Exhibited with Galerie Meert  in the year of its execution alongside similar composite works, Female and Male Faces (With Notations) with Black and White Commentary incorporates a diptych of a couple, closely cropped and cut to the same size, surrounded by a third photograph of two snarling dogs circling each other. Highlighting the ways in which images function like language – where meaning can prove slippery and largely contingent upon context – Baldessari complicates the relationship between the work’s constituent parts, creating a dynamic interplay of image and idea. As Leslie Dick has described, ‘During the 1980s, his fascination with the power of the cut became central, as photographs were cut up and into compulsively. These cuts included reframing the photograph, decapitating the figures in the photo, reducing the figures to silhouettes, flat outlines, or areas of colour, and recontextualising each image in relation to other images, slicing at its specificity until narrative fell away. His work demonstrates the ways in which the ideas derived from this exploration of photography—that meaning is generated through breaks and sutures, cuts and contiguities—extend to include all images, and indeed, thought itself.’iv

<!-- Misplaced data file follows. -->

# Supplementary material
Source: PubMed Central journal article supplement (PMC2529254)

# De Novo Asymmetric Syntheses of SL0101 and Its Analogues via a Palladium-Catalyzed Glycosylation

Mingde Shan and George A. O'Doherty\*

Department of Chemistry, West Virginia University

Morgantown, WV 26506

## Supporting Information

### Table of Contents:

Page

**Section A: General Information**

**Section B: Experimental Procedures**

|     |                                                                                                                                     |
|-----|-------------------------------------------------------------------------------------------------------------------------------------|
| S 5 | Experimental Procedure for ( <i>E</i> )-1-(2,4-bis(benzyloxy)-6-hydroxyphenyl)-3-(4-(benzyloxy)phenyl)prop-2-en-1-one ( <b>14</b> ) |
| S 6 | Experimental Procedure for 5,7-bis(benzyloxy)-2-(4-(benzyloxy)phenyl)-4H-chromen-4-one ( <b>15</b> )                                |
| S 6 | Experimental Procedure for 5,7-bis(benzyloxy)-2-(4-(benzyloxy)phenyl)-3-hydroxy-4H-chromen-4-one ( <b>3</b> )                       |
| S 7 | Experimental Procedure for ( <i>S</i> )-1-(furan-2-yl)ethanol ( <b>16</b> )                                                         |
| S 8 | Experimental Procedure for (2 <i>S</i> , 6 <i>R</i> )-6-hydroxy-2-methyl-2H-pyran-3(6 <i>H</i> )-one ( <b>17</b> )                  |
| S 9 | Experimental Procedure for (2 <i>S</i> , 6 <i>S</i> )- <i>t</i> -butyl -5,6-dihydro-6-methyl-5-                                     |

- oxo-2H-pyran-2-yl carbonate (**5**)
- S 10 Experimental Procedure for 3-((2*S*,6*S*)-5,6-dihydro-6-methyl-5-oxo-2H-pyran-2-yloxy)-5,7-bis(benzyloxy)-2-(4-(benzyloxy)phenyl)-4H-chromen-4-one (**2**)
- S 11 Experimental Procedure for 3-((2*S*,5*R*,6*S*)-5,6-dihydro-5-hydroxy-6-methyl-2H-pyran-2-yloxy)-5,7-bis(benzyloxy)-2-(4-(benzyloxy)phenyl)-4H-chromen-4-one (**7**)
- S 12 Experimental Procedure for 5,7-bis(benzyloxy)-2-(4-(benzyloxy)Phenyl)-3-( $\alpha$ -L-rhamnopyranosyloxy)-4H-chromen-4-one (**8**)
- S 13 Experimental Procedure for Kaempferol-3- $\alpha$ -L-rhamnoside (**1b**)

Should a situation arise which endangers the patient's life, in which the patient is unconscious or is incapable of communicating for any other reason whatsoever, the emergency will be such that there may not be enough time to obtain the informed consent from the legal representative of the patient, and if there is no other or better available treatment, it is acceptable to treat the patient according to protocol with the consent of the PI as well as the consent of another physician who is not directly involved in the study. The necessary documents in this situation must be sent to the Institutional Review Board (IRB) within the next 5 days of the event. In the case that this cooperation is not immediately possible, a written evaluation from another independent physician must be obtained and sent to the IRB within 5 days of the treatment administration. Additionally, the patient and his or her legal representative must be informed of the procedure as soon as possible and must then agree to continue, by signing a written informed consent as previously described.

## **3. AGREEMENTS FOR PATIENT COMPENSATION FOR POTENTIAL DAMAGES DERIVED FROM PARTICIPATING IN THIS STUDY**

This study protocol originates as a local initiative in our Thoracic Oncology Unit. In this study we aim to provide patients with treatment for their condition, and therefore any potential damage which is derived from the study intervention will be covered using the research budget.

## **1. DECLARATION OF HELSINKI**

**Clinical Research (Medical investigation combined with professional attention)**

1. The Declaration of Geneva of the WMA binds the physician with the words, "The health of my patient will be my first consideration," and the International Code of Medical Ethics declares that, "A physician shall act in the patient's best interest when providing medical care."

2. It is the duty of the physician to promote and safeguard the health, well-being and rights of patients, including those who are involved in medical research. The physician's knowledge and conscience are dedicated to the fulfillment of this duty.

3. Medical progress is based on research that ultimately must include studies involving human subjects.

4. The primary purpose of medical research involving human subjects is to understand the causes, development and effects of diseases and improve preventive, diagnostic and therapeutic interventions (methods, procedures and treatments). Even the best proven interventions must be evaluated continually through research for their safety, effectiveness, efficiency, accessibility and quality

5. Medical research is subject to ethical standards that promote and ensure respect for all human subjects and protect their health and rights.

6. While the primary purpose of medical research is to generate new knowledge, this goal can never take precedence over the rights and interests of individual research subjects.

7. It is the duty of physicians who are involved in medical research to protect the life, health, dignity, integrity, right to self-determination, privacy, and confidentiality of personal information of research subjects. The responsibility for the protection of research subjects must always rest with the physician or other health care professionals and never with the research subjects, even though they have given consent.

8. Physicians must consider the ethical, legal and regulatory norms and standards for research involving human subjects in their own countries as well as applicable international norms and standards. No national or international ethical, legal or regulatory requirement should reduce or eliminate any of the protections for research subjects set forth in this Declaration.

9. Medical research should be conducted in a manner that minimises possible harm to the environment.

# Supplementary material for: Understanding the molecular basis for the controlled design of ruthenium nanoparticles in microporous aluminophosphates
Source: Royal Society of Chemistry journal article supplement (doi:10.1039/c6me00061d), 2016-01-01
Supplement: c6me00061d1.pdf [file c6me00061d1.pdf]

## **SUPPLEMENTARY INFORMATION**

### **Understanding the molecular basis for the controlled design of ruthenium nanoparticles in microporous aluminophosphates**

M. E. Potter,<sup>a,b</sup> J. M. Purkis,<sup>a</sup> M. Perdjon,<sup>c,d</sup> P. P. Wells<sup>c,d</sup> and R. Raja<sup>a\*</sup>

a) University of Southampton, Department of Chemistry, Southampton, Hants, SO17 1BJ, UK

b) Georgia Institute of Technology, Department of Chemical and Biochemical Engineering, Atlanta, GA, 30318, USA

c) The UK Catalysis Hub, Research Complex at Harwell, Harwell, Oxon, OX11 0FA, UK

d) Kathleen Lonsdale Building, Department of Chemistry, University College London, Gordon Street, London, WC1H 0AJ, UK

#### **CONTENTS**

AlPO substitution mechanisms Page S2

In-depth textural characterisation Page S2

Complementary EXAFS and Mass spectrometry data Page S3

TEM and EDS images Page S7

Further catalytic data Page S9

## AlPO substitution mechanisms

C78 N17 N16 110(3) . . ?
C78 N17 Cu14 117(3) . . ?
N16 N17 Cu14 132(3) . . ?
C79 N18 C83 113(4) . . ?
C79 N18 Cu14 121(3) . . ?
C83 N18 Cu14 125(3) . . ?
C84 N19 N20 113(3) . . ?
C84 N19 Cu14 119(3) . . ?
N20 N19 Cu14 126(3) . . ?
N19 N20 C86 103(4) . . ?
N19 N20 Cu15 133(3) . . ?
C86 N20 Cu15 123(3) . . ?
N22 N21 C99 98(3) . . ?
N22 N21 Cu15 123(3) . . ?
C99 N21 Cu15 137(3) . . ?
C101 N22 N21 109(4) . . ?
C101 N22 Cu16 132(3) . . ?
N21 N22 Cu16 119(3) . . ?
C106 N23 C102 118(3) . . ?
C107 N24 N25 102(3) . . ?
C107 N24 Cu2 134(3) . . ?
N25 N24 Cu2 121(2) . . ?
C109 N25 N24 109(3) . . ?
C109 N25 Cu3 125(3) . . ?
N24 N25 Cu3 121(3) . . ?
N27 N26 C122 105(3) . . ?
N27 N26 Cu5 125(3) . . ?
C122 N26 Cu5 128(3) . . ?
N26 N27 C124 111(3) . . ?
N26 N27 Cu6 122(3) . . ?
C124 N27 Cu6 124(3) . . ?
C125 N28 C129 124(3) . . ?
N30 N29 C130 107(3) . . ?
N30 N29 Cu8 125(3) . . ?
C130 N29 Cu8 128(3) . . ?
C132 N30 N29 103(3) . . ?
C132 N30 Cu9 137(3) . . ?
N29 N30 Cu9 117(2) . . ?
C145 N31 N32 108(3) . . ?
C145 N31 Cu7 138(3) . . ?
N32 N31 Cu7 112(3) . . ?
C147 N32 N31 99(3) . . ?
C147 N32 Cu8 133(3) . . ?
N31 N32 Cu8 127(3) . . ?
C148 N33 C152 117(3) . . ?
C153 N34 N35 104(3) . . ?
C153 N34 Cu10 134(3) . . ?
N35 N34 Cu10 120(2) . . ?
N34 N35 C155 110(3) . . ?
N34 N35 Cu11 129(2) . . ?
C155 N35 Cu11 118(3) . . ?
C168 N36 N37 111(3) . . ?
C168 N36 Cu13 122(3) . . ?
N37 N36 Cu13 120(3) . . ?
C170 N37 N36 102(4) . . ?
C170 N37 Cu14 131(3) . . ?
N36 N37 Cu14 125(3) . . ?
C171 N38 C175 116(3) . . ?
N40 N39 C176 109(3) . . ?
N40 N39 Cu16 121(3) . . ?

Closely related to Baldessari’s signature coloured dot motif where he obscured the faces of his figures beneath large stickers in bright, primary shades, the closely cropped faces here are covered in exuberant bursts of green and red, a strategy that forces viewers to look at an image’s context rather than the narrative content of the images themselves. Developing conversations around appropriation, originality, and recontextualisation, in Female and Male Faces (With Notations) with Black and White Commentary Baldessari reinvigorates his source material with new meaning with strategies most famously deployed by the grandfather of Conceptual art, Marcel Duchamp. 

    Marcel Duchamp, L.H.O.O.Q., 1919, Galleria Pictogramma, Rome. Image: Bridgeman Images, Artwork: © Association Marcel Duchamp / ADAGP, Paris and DACS, London 2022

    With a keen sense of linguistic play and incisive humour, Duchamp’s infamous L.H.O.O.Q represents an important touchstone for the present work, highlighting the ways in which an images context can be manipulated and its meaning shifted through addition and juxtaposition. Like Duchamp, Baldessari recognised the potential playfulness in reinvesting old images with new meanings, explaining: 'On one hand I think the older an image is the more it is exhausted of meaning – where it is a cliché. It’s dead. Because clichés are dead. I like the idea of playing Dr. Frankenstein and reinvesting the dead, a metaphor, with life again. Because clichés are true – they just have lost their meaning. And I can pump another kind of meaning back into it, but you are still aware of the source and where I’m directing the traffic.’v